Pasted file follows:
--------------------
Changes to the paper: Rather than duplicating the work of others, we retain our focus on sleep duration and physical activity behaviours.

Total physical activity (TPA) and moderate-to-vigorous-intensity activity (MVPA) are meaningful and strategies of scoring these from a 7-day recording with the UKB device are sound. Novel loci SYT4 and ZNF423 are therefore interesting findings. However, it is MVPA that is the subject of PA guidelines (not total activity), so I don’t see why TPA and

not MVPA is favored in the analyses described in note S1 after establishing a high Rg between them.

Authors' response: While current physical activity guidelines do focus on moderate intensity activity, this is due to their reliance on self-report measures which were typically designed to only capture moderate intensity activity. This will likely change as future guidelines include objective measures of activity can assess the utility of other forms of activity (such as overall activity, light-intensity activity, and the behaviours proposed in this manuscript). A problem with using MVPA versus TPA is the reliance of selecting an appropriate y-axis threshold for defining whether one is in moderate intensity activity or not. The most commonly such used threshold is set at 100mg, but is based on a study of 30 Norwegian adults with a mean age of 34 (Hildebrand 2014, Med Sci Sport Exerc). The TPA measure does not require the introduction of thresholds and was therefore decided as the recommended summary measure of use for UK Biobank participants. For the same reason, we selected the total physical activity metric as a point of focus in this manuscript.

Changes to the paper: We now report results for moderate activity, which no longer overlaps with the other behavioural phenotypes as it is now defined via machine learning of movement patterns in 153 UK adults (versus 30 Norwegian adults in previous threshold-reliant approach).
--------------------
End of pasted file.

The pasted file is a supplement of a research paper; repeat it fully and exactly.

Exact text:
Changes to the paper: Rather than duplicating the work of others, we retain our focus on sleep duration and physical activity behaviours.

Total physical activity (TPA) and moderate-to-vigorous-intensity activity (MVPA) are meaningful and strategies of scoring these from a 7-day recording with the UKB device are sound. Novel loci SYT4 and ZNF423 are therefore interesting findings. However, it is MVPA that is the subject of PA guidelines (not total activity), so I don’t see why TPA and

not MVPA is favored in the analyses described in note S1 after establishing a high Rg between them.

Authors' response: While current physical activity guidelines do focus on moderate intensity activity, this is due to their reliance on self-report measures which were typically designed to only capture moderate intensity activity. This will likely change as future guidelines include objective measures of activity can assess the utility of other forms of activity (such as overall activity, light-intensity activity, and the behaviours proposed in this manuscript). A problem with using MVPA versus TPA is the reliance of selecting an appropriate y-axis threshold for defining whether one is in moderate intensity activity or not. The most commonly such used threshold is set at 100mg, but is based on a study of 30 Norwegian adults with a mean age of 34 (Hildebrand 2014, Med Sci Sport Exerc). The TPA measure does not require the introduction of thresholds and was therefore decided as the recommended summary measure of use for UK Biobank participants. For the same reason, we selected the total physical activity metric as a point of focus in this manuscript.

Changes to the paper: We now report results for moderate activity, which no longer overlaps with the other behavioural phenotypes as it is now defined via machine learning of movement patterns in 153 UK adults (versus 30 Norwegian adults in previous threshold-reliant approach).